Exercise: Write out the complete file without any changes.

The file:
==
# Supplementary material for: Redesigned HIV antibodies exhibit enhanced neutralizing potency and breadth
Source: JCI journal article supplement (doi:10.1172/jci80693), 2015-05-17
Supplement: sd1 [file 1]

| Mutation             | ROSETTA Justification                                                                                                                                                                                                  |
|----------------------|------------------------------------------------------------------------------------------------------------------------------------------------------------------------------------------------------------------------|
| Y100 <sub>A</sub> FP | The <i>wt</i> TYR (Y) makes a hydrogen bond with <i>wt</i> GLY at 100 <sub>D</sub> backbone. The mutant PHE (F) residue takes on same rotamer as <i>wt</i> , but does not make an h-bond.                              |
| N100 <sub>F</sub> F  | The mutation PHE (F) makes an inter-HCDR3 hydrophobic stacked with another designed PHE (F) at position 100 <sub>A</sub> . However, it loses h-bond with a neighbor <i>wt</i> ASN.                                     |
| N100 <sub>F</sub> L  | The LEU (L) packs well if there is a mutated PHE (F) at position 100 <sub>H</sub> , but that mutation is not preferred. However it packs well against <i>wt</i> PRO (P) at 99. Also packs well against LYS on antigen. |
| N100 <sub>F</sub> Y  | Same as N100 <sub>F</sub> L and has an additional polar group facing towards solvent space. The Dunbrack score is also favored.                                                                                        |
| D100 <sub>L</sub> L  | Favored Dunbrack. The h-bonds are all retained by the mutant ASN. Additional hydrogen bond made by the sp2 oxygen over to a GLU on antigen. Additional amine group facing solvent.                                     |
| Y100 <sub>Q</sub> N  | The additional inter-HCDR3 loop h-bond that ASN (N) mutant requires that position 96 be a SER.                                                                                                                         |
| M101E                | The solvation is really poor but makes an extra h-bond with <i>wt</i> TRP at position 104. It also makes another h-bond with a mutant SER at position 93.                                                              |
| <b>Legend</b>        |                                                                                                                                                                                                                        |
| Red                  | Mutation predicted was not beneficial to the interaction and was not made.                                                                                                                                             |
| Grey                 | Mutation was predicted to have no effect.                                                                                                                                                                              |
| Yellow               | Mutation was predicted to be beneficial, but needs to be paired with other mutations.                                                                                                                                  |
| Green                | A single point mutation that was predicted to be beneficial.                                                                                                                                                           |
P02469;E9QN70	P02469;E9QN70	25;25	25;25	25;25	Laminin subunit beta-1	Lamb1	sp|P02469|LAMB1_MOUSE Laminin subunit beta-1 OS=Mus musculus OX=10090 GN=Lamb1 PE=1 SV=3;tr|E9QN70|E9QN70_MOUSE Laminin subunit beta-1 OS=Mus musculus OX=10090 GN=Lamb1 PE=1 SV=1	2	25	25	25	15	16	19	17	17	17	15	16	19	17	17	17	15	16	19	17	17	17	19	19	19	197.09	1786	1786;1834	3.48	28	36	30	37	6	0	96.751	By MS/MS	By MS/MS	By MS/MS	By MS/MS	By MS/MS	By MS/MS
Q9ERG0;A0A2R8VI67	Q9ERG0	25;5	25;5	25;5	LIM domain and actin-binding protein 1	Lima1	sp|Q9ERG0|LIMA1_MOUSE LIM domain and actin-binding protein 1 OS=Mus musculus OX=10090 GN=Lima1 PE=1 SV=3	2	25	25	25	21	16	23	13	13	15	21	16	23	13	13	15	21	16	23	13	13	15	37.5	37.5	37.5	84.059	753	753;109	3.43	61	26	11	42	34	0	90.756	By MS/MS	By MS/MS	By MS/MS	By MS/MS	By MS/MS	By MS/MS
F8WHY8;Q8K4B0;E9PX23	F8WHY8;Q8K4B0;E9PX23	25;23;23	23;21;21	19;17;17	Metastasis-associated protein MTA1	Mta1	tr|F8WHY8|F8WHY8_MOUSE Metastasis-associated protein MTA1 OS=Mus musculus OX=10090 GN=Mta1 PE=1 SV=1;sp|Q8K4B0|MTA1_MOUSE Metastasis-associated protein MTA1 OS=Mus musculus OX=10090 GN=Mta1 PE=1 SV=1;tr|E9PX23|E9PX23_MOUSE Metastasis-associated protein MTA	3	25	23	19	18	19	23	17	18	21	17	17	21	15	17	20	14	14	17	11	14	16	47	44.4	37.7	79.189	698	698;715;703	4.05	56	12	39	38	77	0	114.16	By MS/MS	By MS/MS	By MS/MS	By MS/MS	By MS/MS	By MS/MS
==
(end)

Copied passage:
# Supplementary material for: Redesigned HIV antibodies exhibit enhanced neutralizing potency and breadth
Source: JCI journal article supplement (doi:10.1172/jci80693), 2015-05-17
Supplement: sd1 [file 1]

| Mutation             | ROSETTA Justification                                                                                                                                                                                                  |
|----------------------|------------------------------------------------------------------------------------------------------------------------------------------------------------------------------------------------------------------------|
| Y100 <sub>A</sub> FP | The <i>wt</i> TYR (Y) makes a hydrogen bond with <i>wt</i> GLY at 100 <sub>D</sub> backbone. The mutant PHE (F) residue takes on same rotamer as <i>wt</i> , but does not make an h-bond.                              |
| N100 <sub>F</sub> F  | The mutation PHE (F) makes an inter-HCDR3 hydrophobic stacked with another designed PHE (F) at position 100 <sub>A</sub> . However, it loses h-bond with a neighbor <i>wt</i> ASN.                                     |
| N100 <sub>F</sub> L  | The LEU (L) packs well if there is a mutated PHE (F) at position 100 <sub>H</sub> , but that mutation is not preferred. However it packs well against <i>wt</i> PRO (P) at 99. Also packs well against LYS on antigen. |
| N100 <sub>F</sub> Y  | Same as N100 <sub>F</sub> L and has an additional polar group facing towards solvent space. The Dunbrack score is also favored.                                                                                        |
| D100 <sub>L</sub> L  | Favored Dunbrack. The h-bonds are all retained by the mutant ASN. Additional hydrogen bond made by the sp2 oxygen over to a GLU on antigen. Additional amine group facing solvent.                                     |
| Y100 <sub>Q</sub> N  | The additional inter-HCDR3 loop h-bond that ASN (N) mutant requires that position 96 be a SER.                                                                                                                         |
| M101E                | The solvation is really poor but makes an extra h-bond with <i>wt</i> TRP at position 104. It also makes another h-bond with a mutant SER at position 93.                                                              |
| <b>Legend</b>        |                                                                                                                                                                                                                        |
| Red                  | Mutation predicted was not beneficial to the interaction and was not made.                                                                                                                                             |
| Grey                 | Mutation was predicted to have no effect.                                                                                                                                                                              |
| Yellow               | Mutation was predicted to be beneficial, but needs to be paired with other mutations.                                                                                                                                  |
| Green                | A single point mutation that was predicted to be beneficial.                                                                                                                                                           |
P02469;E9QN70	P02469;E9QN70	25;25	25;25	25;25	Laminin subunit beta-1	Lamb1	sp|P02469|LAMB1_MOUSE Laminin subunit beta-1 OS=Mus musculus OX=10090 GN=Lamb1 PE=1 SV=3;tr|E9QN70|E9QN70_MOUSE Laminin subunit beta-1 OS=Mus musculus OX=10090 GN=Lamb1 PE=1 SV=1	2	25	25	25	15	16	19	17	17	17	15	16	19	17	17	17	15	16	19	17	17	17	19	19	19	197.09	1786	1786;1834	3.48	28	36	30	37	6	0	96.751	By MS/MS	By MS/MS	By MS/MS	By MS/MS	By MS/MS	By MS/MS
Q9ERG0;A0A2R8VI67	Q9ERG0	25;5	25;5	25;5	LIM domain and actin-binding protein 1	Lima1	sp|Q9ERG0|LIMA1_MOUSE LIM domain and actin-binding protein 1 OS=Mus musculus OX=10090 GN=Lima1 PE=1 SV=3	2	25	25	25	21	16	23	13	13	15	21	16	23	13	13	15	21	16	23	13	13	15	37.5	37.5	37.5	84.059	753	753;109	3.43	61	26	11	42	34	0	90.756	By MS/MS	By MS/MS	By MS/MS	By MS/MS	By MS/MS	By MS/MS
F8WHY8;Q8K4B0;E9PX23	F8WHY8;Q8K4B0;E9PX23	25;23;23	23;21;21	19;17;17	Metastasis-associated protein MTA1	Mta1	tr|F8WHY8|F8WHY8_MOUSE Metastasis-associated protein MTA1 OS=Mus musculus OX=10090 GN=Mta1 PE=1 SV=1;sp|Q8K4B0|MTA1_MOUSE Metastasis-associated protein MTA1 OS=Mus musculus OX=10090 GN=Mta1 PE=1 SV=1;tr|E9PX23|E9PX23_MOUSE Metastasis-associated protein MTA	3	25	23	19	18	19	23	17	18	21	17	17	21	15	17	20	14	14	17	11	14	16	47	44.4	37.7	79.189	698	698;715;703	4.05	56	12	39	38	77	0	114.16	By MS/MS	By MS/MS	By MS/MS	By MS/MS	By MS/MS	By MS/MS